Judgment affirmed.

Draper, P. J., and Devine, J., concurred.

FN 1. "§ 1c. In addition to such exemptions as are now provided in this Constitution, the Legislature may exempt from taxation all or any portion of property used exclusively for religious, hospital or charitable purposes and owned by community chests, funds, foundations or corporations organized and operated for religious, hospital or charitable purposes, not conducted for profit and no part of the net earnings of which inures to the benefit of any private shareholder or individual."

FN 2. As presently amended the section reads:

"214. Property used exclusively for religious, hospital, scientific, or charitable purposes owned and operated by community chests, funds, foundations or corporations organized and operated for religious, hospital, scientific, or charitable purposes is exempt from taxation if:

"(1) The owner is not organized or operated for profit; provided, that in the case of hospitals, such organization shall not be deemed to be organized or operated for profit, if during the immediate preceding fiscal year the excess of operating revenues, exclusive of gifts, endowments and grants-in- aid, over operating expenses shall not have exceeded a sum equivalent to 10 per cent of such operating expenses. As used herein, operating expenses shall include depreciation based on cost of replacement and amortization of, and interest on, indebtedness;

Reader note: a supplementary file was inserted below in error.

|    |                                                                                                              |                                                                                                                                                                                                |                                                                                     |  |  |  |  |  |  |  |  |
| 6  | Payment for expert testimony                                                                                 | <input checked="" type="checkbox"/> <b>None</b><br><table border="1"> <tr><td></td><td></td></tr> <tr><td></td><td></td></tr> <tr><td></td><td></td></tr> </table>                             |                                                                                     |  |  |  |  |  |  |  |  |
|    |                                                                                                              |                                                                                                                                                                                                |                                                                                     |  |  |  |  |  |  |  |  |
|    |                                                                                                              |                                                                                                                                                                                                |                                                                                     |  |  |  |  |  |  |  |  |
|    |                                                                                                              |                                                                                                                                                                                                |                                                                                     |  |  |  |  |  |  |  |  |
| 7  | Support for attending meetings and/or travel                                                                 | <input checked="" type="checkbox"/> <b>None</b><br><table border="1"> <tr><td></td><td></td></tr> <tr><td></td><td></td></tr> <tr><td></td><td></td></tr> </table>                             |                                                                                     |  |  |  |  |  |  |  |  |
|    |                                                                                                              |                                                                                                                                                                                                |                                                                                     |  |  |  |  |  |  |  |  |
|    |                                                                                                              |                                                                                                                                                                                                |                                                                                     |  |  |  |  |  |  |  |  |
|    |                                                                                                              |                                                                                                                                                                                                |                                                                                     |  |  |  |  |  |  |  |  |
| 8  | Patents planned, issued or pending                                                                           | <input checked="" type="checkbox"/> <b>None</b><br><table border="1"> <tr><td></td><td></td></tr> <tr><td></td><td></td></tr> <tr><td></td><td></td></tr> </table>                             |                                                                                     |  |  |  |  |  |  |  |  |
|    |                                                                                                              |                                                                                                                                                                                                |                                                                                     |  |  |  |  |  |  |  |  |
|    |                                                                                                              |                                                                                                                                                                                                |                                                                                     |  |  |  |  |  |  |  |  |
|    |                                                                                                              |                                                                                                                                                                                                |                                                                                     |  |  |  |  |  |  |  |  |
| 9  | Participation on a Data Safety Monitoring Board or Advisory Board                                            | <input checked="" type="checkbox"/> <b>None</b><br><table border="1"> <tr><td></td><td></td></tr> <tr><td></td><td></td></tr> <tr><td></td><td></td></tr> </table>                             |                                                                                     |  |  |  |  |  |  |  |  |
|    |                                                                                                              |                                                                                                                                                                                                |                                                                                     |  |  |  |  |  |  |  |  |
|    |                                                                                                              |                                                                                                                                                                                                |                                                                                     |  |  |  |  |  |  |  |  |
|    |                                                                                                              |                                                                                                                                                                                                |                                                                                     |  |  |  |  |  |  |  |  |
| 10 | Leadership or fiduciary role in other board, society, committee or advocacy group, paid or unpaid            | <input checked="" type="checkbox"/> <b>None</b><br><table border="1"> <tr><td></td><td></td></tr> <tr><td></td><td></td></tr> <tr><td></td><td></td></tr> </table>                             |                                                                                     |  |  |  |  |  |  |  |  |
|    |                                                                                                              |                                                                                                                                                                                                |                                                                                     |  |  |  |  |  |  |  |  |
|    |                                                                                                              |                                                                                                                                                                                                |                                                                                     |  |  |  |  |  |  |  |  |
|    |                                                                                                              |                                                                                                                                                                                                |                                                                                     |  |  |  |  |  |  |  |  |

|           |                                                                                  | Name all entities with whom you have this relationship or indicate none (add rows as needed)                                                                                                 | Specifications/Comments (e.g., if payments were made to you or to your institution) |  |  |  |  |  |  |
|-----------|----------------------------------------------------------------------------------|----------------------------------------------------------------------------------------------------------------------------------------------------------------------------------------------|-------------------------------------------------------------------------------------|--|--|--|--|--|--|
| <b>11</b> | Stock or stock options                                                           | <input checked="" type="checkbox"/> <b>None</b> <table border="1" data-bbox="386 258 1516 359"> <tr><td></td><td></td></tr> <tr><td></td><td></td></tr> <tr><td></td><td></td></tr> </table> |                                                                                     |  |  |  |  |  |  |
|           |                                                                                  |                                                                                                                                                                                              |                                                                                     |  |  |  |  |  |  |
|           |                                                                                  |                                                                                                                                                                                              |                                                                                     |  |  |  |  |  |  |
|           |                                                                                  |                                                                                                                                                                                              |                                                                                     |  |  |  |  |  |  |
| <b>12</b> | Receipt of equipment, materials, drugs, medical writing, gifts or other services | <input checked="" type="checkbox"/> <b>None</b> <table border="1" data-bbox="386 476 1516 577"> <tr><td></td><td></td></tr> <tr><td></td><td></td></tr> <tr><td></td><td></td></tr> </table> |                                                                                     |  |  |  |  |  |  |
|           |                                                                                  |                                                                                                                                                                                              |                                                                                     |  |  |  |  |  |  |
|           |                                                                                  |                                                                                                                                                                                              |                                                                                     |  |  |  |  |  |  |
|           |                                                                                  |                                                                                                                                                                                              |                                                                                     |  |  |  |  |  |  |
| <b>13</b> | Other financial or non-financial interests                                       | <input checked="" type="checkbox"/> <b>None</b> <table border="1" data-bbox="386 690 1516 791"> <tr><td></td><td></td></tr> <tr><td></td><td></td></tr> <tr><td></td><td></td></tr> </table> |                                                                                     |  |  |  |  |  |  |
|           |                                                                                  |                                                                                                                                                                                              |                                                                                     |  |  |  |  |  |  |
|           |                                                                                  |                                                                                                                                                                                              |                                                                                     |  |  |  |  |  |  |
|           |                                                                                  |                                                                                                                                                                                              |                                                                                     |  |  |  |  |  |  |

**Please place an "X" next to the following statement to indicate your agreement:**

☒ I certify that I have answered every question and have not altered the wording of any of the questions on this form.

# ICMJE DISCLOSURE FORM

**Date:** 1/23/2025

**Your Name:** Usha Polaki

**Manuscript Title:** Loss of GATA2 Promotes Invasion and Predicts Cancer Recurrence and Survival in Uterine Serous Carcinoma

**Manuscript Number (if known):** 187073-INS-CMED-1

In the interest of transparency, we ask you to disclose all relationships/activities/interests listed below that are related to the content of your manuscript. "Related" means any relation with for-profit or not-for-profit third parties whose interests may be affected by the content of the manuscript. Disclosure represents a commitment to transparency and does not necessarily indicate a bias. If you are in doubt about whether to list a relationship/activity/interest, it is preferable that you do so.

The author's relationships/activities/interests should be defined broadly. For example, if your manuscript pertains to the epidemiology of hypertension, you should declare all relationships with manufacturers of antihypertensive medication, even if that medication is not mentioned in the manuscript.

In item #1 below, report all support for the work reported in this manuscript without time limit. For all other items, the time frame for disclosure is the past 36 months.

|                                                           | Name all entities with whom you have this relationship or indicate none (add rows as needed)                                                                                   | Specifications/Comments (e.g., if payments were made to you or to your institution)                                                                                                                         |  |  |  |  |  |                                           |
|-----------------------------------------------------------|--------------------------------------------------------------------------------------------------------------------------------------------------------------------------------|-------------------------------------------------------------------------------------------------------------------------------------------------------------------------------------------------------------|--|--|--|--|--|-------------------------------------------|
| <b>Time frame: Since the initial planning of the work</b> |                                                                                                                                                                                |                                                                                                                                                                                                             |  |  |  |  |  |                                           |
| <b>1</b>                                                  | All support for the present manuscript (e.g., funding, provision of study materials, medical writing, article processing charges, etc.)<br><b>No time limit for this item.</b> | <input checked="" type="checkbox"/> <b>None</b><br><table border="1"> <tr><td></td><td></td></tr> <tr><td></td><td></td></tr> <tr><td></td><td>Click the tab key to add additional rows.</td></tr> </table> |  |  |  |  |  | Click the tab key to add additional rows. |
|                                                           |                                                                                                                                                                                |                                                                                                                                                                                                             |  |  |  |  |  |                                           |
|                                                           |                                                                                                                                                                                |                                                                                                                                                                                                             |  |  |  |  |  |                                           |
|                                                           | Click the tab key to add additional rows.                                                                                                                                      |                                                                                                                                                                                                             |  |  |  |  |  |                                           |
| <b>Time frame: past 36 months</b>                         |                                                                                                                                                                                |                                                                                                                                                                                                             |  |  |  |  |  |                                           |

"(2) No part of the net earnings of the owner inures to the benefit of any private shareholder or individual;

"(3) The property is used for the actual operation of the exempt activity;

"(4) The property is not used or operated by the owner or by any other person so as to benefit any officer, trustee, director, shareholder, member, employee, contributor, or bondholder of the owner or operator, or any other person, through the distribution of profits, payment of excessive charges or compensations or the more advantageous pursuit of their business or profession;